In Part 3, he considers whether or not the Arminian view of liberty is necessary for moral agency or accountability. Edwards’ argument is brilliant in this section. He shows that the necessity of all things (the absolute certainty of all that comes to pass, see p. 15-16), does not negate virtue, praise, moral agency or judgment. He observes that God is necessarily holy (He can be nothing else), yet He above all is worthy of honor and praise, and so also Christ, who could not sin, is utterly worthy of all praise and honor for His excellence. Man’s moral inability, on the other hand, does not take away from his responsibility before God. His answer to the Arminian charge that inability on the part of man is inconsistent with commands and obligation (p. 180 ff.) is extremely illuminating. He shows that it is the Arminian notion of liberty that is inconsistent with commands and obligations (p. 182-83). He answers the question of whether or not sincerity makes up for non-performance of duties before God (p. 192-201). In my opinion, one of the most important sections of the book is section VI of part 3 (p. 201-209). Here he shows that virtue is impossible under the Arminian understanding of liberty. This is important especially in our day, because his observations are almost prophetic in relation to how our culture view’s man as a victim. He writes, On the whole, it appears, that if the notions of Arminians concerning liberty and moral agency be true, it will follow, that there is no virtue in any such habits or qualities as humility, meekness, patience, mercy, gratitude, generosity, heavenly-mindedness; nothing at all praiseworthy in loving Christ above father and mother, wife and children, or our own lives; or in delight in holiness, hungering and thirsting after righteousness, love to enemies, universal benevolence to mankind; and, on the other hand, there is nothing at all vicious, or worthy of dispraise, in the most sordid, beastly, malignant, devilish dispositions; in being ungrateful, profane, habitually hating God and things sacred and holy; or in being most treacherous, envious, and cruel towards men. For all these things are dispositions and inclinations of the heart. And, in short, there is no such thing as inherent virtue and holiness, or vice and sin; and the stronger those habits or dispositions are, which used to be called virtuous and vicious, the further they are from being so indeed; the more violent men’s lusts are, the more fixed their pride, envy, ingratitude, and maliciousness, still the further are they from being blameworthy. If there be a man that, by his own repeated acts, or by any other means, is come to be of the most hellish disposition, desperately inclined to treat his neighbors with injuriousness, contempt, and malignity, the further they should be from any disposition to be angry with him, or in the least to blame him (p. 207-08). In short, if liberty consists in indifference and ability, the more one is enslaved to sin the less responsible he is before God. But the Bible (Romans 1) as well as common sense teaches the opposite.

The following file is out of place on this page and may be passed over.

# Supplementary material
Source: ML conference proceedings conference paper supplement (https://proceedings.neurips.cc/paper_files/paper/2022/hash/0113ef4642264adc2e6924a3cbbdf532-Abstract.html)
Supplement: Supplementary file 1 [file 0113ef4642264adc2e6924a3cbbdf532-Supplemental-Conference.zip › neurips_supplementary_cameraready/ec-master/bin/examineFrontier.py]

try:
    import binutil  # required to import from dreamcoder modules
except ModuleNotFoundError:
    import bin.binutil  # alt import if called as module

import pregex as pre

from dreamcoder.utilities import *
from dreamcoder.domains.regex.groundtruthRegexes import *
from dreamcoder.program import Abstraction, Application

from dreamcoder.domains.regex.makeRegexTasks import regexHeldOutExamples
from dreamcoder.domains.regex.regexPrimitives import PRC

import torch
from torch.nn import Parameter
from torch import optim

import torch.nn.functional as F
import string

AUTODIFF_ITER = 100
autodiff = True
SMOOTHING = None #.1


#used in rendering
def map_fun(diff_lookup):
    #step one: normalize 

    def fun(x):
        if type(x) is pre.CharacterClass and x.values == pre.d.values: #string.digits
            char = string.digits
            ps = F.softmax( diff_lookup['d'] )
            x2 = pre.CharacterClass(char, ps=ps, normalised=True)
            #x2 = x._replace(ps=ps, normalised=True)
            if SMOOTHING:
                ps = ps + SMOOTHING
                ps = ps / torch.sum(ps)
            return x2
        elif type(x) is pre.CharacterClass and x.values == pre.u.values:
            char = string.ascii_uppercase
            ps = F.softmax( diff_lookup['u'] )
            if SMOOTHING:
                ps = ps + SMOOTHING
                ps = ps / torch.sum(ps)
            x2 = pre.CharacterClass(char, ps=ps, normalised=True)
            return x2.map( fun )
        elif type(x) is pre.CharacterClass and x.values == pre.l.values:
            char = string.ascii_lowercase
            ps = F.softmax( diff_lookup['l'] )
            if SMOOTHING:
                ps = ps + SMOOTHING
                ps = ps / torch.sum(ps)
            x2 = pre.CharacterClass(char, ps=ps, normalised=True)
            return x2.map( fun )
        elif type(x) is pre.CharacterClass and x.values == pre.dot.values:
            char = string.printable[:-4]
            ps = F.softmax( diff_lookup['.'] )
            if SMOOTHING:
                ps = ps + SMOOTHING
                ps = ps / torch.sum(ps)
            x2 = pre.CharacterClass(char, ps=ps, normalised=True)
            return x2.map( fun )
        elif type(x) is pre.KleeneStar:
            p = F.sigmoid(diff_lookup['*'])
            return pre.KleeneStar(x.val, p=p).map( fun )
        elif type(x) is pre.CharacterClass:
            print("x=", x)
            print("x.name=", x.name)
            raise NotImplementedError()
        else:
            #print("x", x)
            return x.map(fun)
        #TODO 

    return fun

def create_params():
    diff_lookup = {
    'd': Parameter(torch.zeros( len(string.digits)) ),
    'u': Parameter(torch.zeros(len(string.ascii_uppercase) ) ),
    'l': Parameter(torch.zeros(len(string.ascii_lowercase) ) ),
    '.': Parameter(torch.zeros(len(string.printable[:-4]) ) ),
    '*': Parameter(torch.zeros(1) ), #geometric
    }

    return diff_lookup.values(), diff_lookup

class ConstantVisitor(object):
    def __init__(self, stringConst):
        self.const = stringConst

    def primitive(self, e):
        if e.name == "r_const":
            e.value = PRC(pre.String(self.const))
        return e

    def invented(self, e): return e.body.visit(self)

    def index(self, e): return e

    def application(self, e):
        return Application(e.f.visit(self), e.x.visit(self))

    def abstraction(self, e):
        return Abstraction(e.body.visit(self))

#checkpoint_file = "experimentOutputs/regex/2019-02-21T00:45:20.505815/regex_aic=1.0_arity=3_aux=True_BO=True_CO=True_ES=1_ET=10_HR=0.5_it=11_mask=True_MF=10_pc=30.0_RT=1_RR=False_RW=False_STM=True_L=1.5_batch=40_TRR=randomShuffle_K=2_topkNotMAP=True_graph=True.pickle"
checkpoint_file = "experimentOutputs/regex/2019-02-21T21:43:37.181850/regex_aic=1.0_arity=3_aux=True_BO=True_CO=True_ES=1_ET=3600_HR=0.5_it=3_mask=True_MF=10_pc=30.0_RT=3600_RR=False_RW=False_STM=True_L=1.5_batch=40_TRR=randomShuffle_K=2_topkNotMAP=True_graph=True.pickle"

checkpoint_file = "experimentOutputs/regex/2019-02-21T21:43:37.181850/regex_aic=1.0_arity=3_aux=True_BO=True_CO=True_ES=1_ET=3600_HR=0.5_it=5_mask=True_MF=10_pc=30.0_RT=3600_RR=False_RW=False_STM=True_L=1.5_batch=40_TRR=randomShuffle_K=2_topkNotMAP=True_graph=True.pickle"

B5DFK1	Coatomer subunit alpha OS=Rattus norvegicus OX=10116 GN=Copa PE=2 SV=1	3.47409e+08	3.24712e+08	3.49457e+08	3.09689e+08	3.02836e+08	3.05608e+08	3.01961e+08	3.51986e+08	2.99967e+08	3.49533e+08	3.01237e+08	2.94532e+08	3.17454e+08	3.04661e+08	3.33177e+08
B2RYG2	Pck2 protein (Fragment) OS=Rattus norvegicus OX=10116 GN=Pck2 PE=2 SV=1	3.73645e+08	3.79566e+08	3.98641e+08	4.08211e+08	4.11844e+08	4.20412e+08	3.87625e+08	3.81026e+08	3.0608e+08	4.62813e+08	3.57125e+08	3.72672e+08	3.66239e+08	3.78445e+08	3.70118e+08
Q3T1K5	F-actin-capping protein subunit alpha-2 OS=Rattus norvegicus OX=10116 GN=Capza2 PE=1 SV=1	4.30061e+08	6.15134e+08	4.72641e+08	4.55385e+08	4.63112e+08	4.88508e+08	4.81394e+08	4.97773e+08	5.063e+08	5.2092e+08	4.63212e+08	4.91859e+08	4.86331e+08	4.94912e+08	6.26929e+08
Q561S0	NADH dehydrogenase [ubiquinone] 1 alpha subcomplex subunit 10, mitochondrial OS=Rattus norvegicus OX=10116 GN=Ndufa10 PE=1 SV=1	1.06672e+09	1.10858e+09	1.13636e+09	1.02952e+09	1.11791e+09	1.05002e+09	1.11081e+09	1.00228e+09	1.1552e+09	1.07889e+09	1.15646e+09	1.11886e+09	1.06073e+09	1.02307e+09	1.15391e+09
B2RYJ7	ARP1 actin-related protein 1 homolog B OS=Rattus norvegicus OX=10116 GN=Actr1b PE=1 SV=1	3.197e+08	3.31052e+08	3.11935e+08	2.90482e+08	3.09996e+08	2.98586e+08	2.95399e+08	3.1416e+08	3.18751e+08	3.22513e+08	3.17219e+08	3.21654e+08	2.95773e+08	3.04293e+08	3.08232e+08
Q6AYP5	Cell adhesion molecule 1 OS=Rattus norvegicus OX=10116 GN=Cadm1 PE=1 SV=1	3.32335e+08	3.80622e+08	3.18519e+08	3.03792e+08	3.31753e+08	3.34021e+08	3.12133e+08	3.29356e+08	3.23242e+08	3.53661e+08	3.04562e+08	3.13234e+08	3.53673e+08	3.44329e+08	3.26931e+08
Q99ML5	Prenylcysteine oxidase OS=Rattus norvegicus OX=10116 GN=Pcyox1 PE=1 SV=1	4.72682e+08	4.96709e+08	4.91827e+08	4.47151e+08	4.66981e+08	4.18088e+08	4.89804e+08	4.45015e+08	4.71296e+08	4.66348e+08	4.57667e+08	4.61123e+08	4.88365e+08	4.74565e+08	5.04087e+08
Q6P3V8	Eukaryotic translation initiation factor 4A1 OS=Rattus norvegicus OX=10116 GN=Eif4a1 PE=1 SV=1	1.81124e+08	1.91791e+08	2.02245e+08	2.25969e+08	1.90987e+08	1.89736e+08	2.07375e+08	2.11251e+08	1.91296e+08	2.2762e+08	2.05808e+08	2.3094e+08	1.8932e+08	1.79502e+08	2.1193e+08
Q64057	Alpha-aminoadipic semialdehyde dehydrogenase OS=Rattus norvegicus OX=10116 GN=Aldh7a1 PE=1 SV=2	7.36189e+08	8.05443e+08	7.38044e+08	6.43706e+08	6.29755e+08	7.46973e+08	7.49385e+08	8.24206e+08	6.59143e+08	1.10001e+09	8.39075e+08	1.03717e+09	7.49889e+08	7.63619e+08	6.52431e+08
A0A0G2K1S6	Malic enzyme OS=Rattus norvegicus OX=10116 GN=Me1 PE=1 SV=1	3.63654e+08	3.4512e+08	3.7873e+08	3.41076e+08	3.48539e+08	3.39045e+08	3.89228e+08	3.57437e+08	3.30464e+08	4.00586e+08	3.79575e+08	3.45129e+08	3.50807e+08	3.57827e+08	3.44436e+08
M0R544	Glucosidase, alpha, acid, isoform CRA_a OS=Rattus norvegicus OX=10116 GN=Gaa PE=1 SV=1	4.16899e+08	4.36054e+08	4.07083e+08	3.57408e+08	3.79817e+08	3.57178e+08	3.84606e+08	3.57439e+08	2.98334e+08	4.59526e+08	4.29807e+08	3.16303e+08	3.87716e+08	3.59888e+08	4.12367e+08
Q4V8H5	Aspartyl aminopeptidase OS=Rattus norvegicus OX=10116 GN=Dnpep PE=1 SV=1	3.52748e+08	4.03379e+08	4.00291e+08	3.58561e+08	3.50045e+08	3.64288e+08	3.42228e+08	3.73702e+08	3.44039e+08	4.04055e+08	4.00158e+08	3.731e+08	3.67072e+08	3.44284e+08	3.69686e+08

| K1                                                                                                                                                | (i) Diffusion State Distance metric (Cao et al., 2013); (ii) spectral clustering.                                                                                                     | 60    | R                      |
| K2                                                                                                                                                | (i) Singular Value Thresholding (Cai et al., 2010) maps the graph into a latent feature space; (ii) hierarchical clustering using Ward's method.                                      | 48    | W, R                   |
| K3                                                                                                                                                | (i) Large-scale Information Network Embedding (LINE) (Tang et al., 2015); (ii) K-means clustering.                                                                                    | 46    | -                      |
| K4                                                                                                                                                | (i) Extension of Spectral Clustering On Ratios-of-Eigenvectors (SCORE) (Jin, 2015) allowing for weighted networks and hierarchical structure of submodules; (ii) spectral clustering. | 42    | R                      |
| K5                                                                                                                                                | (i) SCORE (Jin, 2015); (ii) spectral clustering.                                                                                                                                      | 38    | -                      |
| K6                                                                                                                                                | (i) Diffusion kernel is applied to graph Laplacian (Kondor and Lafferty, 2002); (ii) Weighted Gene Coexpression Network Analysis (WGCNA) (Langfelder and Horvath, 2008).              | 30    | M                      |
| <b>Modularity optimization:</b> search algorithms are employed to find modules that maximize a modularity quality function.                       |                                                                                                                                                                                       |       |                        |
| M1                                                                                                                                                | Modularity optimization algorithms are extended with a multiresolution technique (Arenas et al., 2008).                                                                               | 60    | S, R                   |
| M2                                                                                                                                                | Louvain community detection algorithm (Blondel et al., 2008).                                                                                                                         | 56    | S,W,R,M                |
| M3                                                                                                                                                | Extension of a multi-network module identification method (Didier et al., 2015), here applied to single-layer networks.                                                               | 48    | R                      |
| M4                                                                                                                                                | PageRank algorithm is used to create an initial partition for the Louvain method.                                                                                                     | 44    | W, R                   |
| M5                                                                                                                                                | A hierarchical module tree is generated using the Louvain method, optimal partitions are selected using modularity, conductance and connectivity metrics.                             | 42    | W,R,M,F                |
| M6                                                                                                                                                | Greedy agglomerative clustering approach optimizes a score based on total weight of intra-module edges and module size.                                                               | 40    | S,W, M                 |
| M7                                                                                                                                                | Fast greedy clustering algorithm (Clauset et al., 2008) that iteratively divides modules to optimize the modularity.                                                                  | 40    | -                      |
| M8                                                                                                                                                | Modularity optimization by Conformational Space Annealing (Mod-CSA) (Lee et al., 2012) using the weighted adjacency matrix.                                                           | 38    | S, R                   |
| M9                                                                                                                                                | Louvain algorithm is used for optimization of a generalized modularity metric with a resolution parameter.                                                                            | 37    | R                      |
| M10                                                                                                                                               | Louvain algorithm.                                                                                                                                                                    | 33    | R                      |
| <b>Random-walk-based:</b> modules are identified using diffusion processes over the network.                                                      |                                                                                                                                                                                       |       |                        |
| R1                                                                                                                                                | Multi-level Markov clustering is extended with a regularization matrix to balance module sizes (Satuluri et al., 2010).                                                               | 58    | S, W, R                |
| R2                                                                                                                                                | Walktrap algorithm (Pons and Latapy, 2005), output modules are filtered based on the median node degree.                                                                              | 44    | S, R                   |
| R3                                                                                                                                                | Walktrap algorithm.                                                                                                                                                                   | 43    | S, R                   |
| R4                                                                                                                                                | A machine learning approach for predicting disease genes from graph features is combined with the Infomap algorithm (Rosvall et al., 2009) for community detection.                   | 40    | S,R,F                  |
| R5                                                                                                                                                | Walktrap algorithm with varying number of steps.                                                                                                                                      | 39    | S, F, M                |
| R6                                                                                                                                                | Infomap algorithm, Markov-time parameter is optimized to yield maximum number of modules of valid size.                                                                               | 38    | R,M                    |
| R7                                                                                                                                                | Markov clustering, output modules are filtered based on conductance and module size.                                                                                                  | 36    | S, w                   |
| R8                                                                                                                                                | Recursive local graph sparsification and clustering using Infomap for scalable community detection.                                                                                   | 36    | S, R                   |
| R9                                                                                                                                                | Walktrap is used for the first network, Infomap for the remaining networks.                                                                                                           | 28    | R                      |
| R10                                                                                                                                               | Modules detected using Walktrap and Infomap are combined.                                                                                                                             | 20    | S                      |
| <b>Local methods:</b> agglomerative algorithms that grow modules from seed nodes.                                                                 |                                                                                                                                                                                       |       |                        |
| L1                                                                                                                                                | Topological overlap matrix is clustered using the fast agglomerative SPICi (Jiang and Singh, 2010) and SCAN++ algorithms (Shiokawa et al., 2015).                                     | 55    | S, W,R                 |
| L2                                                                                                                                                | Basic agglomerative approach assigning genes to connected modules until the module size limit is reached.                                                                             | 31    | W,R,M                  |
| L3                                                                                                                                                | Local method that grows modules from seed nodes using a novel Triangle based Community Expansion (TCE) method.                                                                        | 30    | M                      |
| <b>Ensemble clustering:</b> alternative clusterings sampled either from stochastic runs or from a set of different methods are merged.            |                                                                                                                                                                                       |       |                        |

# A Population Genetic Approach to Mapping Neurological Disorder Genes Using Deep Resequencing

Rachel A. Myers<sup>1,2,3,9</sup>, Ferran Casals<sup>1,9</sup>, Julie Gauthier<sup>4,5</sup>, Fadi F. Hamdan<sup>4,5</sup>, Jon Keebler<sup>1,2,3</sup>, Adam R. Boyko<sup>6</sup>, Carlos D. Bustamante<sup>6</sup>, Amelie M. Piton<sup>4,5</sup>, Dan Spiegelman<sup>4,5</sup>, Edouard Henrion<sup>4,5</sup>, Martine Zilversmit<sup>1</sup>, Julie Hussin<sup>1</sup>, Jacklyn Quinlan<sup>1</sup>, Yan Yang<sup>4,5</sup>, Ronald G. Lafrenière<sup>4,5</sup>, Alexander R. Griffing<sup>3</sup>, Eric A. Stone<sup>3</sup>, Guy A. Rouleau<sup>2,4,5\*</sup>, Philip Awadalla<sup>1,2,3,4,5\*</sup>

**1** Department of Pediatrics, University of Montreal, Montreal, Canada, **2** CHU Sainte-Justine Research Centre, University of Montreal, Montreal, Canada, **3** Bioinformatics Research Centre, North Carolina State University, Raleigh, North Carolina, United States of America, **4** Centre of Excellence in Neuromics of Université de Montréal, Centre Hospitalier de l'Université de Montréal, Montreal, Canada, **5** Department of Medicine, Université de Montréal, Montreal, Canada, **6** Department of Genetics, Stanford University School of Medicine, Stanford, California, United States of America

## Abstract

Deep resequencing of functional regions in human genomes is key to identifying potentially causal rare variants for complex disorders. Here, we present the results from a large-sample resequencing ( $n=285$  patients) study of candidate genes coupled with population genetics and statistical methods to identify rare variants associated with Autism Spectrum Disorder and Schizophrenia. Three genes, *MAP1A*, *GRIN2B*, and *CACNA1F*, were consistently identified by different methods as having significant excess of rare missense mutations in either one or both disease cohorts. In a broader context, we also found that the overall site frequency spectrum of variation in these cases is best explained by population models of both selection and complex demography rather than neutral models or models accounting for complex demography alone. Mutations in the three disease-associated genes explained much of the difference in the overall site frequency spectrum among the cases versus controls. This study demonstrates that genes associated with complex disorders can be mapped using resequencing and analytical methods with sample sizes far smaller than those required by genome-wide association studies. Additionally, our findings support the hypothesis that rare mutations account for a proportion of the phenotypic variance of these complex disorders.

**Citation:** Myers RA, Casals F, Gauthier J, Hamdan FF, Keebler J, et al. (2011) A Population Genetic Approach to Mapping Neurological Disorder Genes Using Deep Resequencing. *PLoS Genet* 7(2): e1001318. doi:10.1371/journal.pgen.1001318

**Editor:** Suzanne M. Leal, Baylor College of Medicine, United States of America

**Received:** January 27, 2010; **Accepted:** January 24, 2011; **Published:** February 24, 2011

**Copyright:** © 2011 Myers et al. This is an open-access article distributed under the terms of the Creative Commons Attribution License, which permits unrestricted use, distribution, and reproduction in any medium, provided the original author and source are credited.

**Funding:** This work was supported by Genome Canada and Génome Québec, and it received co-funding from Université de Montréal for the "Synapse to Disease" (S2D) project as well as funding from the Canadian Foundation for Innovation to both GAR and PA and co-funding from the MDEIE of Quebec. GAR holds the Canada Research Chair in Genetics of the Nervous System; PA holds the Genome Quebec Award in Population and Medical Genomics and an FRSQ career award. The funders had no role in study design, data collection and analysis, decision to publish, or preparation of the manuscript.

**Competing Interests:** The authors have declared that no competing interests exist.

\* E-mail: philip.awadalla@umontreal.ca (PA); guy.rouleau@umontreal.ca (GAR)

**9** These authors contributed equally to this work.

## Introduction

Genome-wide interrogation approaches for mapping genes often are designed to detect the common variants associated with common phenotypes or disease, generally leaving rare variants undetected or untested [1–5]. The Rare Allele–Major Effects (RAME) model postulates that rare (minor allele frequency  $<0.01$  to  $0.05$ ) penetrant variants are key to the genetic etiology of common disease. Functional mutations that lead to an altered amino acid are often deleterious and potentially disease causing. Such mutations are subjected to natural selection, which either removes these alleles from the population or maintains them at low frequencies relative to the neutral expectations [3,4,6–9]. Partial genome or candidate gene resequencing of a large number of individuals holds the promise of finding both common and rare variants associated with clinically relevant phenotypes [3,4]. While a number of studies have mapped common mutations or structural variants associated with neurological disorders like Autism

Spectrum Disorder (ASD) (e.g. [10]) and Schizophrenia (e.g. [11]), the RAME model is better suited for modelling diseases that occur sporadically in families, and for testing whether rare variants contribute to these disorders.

Finally, in Part 4, he examines the various arguments used by Arminians to bolster their view of liberty and to oppose the doctrines of Calvinism. Perhaps the most important section in Part 4 is his answer to the objection that Calvinism makes God the author of sin (p. 285-303). Part 4 is followed by a conclusion. The publisher then includes a letter written by Edwards to a minister of the Church of Scotland wherein he discusses his treatise on the freedom of the will.
This is a difficult, but very important treatise. In a nutshell, Edwards argues for the necessity of the new birth. Matthew 7:17-20 summarizes what Edwards argues: Even so every good tree bringeth forth good fruit; but a corrupt tree bringeth forth evil fruit. A good tree cannot bring forth evil fruit, neither can a corrupt tree bring forth good fruit. Every tree that bringeth not forth good fruit is hewn down, and cast into the fire. Wherefore by their fruits ye shall know them. Notice the corrupt tree produced corrupt fruit necessarily, but that in no way prevented it from being cut down and thrown into the fire. Even so the corrupt man makes choices out of his corrupt heart, necessarily, but that in no way makes him less worthy of eternal Hell.